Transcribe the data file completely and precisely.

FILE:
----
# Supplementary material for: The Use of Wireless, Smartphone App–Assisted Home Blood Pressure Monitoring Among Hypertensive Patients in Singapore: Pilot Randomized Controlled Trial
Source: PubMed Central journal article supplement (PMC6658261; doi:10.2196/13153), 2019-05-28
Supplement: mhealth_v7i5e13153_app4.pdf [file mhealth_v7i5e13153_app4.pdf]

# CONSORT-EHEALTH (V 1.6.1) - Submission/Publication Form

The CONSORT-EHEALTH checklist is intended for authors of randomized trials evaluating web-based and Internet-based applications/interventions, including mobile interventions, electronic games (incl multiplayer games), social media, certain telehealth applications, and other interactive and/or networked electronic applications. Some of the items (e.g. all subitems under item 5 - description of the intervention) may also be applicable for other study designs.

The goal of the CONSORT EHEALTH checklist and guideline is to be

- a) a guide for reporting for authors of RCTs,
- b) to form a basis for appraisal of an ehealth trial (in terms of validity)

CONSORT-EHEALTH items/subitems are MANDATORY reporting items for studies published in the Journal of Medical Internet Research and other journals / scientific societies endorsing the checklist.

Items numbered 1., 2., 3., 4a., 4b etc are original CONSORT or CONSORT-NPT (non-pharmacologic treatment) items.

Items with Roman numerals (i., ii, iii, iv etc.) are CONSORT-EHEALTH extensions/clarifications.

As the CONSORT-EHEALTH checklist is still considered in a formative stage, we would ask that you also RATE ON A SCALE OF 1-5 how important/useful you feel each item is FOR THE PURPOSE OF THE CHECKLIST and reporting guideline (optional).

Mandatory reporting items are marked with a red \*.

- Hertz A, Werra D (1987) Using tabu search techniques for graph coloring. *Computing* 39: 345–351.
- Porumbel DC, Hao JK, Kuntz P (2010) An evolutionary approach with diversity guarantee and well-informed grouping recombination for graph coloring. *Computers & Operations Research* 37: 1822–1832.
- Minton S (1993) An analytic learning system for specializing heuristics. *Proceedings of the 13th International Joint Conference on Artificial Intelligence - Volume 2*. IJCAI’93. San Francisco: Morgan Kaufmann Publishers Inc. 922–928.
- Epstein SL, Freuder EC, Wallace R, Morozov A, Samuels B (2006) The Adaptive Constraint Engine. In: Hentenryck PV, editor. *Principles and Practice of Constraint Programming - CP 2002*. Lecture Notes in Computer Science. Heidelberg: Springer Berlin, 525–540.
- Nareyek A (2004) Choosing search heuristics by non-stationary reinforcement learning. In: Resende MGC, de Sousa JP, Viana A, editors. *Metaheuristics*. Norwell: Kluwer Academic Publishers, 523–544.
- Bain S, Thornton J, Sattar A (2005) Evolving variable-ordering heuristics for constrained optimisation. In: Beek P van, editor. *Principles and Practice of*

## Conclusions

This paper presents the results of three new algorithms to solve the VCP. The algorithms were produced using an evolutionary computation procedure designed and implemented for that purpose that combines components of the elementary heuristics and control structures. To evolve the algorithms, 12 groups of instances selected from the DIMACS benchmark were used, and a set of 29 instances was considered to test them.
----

# Supplementary material for: The Use of Wireless, Smartphone App–Assisted Home Blood Pressure Monitoring Among Hypertensive Patients in Singapore: Pilot Randomized Controlled Trial
Source: PubMed Central journal article supplement (PMC6658261; doi:10.2196/13153), 2019-05-28
Supplement: mhealth_v7i5e13153_app4.pdf [file mhealth_v7i5e13153_app4.pdf]

# CONSORT-EHEALTH (V 1.6.1) - Submission/Publication Form

The CONSORT-EHEALTH checklist is intended for authors of randomized trials evaluating web-based and Internet-based applications/interventions, including mobile interventions, electronic games (incl multiplayer games), social media, certain telehealth applications, and other interactive and/or networked electronic applications. Some of the items (e.g. all subitems under item 5 - description of the intervention) may also be applicable for other study designs.

The goal of the CONSORT EHEALTH checklist and guideline is to be

- a) a guide for reporting for authors of RCTs,
- b) to form a basis for appraisal of an ehealth trial (in terms of validity)

CONSORT-EHEALTH items/subitems are MANDATORY reporting items for studies published in the Journal of Medical Internet Research and other journals / scientific societies endorsing the checklist.

Items numbered 1., 2., 3., 4a., 4b etc are original CONSORT or CONSORT-NPT (non-pharmacologic treatment) items.

Items with Roman numerals (i., ii, iii, iv etc.) are CONSORT-EHEALTH extensions/clarifications.

As the CONSORT-EHEALTH checklist is still considered in a formative stage, we would ask that you also RATE ON A SCALE OF 1-5 how important/useful you feel each item is FOR THE PURPOSE OF THE CHECKLIST and reporting guideline (optional).

Mandatory reporting items are marked with a red \*.

- Hertz A, Werra D (1987) Using tabu search techniques for graph coloring. *Computing* 39: 345–351.
- Porumbel DC, Hao JK, Kuntz P (2010) An evolutionary approach with diversity guarantee and well-informed grouping recombination for graph coloring. *Computers & Operations Research* 37: 1822–1832.
- Minton S (1993) An analytic learning system for specializing heuristics. *Proceedings of the 13th International Joint Conference on Artificial Intelligence - Volume 2*. IJCAI’93. San Francisco: Morgan Kaufmann Publishers Inc. 922–928.
- Epstein SL, Freuder EC, Wallace R, Morozov A, Samuels B (2006) The Adaptive Constraint Engine. In: Hentenryck PV, editor. *Principles and Practice of Constraint Programming - CP 2002*. Lecture Notes in Computer Science. Heidelberg: Springer Berlin, 525–540.
- Nareyek A (2004) Choosing search heuristics by non-stationary reinforcement learning. In: Resende MGC, de Sousa JP, Viana A, editors. *Metaheuristics*. Norwell: Kluwer Academic Publishers, 523–544.
- Bain S, Thornton J, Sattar A (2005) Evolving variable-ordering heuristics for constrained optimisation. In: Beek P van, editor. *Principles and Practice of*

## Conclusions

This paper presents the results of three new algorithms to solve the VCP. The algorithms were produced using an evolutionary computation procedure designed and implemented for that purpose that combines components of the elementary heuristics and control structures. To evolve the algorithms, 12 groups of instances selected from the DIMACS benchmark were used, and a set of 29 instances was considered to test them.